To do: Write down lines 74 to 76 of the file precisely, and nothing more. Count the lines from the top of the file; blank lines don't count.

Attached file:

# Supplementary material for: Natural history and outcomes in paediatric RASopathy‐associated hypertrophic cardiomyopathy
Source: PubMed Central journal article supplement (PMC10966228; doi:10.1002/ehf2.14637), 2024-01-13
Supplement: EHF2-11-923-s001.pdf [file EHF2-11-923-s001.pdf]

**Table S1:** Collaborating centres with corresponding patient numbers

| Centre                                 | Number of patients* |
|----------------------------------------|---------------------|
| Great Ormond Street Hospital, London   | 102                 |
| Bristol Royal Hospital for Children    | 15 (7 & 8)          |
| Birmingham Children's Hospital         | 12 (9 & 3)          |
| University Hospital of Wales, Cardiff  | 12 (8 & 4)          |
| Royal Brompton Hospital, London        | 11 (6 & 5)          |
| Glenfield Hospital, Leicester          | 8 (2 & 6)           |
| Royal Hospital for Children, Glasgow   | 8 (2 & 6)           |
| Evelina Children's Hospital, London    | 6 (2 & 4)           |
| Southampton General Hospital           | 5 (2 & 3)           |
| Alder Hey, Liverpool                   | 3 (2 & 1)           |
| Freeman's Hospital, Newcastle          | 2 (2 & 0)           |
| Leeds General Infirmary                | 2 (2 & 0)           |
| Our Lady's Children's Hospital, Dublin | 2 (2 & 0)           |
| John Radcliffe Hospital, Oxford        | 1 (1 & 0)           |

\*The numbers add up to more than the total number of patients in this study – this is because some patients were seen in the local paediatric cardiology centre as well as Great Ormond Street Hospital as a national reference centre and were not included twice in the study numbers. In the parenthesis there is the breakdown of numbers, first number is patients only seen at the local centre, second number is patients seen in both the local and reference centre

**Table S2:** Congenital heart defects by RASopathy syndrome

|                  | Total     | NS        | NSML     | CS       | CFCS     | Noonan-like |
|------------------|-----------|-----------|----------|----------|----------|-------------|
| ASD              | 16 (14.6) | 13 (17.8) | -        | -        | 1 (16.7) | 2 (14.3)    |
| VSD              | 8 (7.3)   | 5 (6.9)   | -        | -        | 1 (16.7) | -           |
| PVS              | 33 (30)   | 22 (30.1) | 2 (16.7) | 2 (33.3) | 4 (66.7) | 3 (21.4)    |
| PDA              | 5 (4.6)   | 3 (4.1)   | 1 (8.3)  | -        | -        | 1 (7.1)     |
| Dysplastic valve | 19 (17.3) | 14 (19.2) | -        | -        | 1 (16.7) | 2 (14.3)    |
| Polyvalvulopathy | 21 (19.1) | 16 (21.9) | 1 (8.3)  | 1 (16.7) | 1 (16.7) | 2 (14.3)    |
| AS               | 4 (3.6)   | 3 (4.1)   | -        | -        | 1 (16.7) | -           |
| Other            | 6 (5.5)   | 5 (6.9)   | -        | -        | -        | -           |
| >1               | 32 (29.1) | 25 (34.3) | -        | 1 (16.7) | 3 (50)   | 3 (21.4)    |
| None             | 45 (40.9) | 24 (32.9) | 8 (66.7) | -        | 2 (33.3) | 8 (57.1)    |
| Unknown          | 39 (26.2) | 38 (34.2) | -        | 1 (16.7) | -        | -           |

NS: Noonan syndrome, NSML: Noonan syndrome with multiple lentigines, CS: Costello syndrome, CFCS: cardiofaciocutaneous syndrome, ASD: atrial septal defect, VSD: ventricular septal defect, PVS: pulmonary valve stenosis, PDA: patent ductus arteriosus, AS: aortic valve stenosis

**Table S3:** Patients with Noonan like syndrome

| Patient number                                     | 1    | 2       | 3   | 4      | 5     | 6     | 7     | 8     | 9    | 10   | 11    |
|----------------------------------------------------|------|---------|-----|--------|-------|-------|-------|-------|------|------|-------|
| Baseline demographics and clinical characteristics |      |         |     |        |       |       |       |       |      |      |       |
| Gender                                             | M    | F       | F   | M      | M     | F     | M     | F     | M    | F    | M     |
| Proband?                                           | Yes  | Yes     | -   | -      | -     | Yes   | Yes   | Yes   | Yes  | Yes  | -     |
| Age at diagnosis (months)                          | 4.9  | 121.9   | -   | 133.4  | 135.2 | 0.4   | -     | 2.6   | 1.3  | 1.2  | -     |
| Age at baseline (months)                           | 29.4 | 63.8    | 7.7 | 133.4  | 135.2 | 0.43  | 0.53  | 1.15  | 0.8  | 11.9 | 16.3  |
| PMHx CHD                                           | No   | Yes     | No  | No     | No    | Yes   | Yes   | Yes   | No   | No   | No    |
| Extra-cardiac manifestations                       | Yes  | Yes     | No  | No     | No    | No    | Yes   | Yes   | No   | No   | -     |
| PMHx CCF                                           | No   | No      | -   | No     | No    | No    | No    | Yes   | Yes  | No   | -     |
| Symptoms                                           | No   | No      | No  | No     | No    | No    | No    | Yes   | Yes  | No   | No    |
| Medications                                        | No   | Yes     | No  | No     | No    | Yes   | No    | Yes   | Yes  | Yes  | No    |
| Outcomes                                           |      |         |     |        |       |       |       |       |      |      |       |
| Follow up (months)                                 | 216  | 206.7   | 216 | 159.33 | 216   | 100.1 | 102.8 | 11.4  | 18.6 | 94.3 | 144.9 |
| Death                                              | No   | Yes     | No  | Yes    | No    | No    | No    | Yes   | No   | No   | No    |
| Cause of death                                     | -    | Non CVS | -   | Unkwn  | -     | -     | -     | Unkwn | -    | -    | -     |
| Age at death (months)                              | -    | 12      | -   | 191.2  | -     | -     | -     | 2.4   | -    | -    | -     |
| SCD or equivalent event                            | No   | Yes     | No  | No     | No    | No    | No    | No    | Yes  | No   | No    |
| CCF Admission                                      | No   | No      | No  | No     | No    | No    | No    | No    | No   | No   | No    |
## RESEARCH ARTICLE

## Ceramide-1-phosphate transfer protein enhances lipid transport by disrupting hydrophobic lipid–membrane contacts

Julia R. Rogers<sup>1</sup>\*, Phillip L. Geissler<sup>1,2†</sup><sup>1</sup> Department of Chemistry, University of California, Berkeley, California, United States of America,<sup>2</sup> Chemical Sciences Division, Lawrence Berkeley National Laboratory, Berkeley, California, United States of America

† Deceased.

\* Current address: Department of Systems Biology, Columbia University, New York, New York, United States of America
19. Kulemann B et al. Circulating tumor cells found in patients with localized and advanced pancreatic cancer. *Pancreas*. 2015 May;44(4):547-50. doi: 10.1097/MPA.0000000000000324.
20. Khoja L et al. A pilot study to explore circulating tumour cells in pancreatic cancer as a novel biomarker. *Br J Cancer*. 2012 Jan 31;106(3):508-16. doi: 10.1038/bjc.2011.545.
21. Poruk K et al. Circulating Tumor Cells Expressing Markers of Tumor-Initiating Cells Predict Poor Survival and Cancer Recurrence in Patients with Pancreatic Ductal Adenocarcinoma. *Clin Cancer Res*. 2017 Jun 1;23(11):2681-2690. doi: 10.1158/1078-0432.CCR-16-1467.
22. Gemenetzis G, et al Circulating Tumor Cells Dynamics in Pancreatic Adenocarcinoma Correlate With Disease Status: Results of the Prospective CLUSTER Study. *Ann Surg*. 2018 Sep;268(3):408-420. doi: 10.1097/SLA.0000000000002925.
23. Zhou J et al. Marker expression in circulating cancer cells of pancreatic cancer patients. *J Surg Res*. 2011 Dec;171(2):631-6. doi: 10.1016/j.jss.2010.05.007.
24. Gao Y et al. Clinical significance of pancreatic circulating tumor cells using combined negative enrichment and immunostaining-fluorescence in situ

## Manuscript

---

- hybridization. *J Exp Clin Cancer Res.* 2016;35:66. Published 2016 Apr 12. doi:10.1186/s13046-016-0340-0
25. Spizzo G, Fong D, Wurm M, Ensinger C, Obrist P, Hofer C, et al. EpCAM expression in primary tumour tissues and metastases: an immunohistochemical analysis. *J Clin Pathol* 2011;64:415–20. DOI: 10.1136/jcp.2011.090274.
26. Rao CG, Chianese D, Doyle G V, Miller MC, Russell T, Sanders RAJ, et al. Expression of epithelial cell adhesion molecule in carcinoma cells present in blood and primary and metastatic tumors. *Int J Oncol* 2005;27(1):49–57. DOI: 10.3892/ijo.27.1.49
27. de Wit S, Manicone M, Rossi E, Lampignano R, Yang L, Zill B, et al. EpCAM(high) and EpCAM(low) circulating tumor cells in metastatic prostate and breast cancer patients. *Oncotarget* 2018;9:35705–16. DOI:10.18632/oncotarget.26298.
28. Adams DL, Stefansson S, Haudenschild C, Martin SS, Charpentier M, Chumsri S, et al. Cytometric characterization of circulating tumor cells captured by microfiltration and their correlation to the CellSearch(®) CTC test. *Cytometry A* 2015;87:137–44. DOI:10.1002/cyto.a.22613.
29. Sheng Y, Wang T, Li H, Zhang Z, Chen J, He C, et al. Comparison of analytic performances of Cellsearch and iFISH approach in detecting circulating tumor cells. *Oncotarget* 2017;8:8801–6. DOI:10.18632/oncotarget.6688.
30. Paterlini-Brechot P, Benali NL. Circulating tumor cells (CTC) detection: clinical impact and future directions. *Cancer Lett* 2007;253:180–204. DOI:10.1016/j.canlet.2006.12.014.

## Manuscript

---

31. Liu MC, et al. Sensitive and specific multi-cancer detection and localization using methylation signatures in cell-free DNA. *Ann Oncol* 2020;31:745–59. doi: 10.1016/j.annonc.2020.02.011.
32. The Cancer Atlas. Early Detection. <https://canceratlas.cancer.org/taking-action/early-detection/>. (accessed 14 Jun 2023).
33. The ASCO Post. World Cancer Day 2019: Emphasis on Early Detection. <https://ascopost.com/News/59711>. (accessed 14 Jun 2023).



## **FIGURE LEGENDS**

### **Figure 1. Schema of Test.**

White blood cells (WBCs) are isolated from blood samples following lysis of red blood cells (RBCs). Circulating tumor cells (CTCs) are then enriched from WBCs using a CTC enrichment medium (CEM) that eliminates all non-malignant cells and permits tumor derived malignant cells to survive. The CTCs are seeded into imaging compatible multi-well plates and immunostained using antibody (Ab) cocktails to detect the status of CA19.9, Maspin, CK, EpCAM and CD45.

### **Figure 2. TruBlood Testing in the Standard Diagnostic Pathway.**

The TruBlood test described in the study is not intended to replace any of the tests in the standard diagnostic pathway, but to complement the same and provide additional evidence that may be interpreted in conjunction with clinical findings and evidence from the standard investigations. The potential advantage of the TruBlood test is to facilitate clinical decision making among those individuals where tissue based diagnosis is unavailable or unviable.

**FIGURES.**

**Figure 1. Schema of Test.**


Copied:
28. Adams DL, Stefansson S, Haudenschild C, Martin SS, Charpentier M, Chumsri S, et al. Cytometric characterization of circulating tumor cells captured by microfiltration and their correlation to the CellSearch(®) CTC test. *Cytometry A* 2015;87:137–44. DOI:10.1002/cyto.a.22613.
29. Sheng Y, Wang T, Li H, Zhang Z, Chen J, He C, et al. Comparison of analytic performances of Cellsearch and iFISH approach in detecting circulating tumor cells. *Oncotarget* 2017;8:8801–6. DOI:10.18632/oncotarget.6688.
30. Paterlini-Brechot P, Benali NL. Circulating tumor cells (CTC) detection: clinical impact and future directions. *Cancer Lett* 2007;253:180–204. DOI:10.1016/j.canlet.2006.12.014.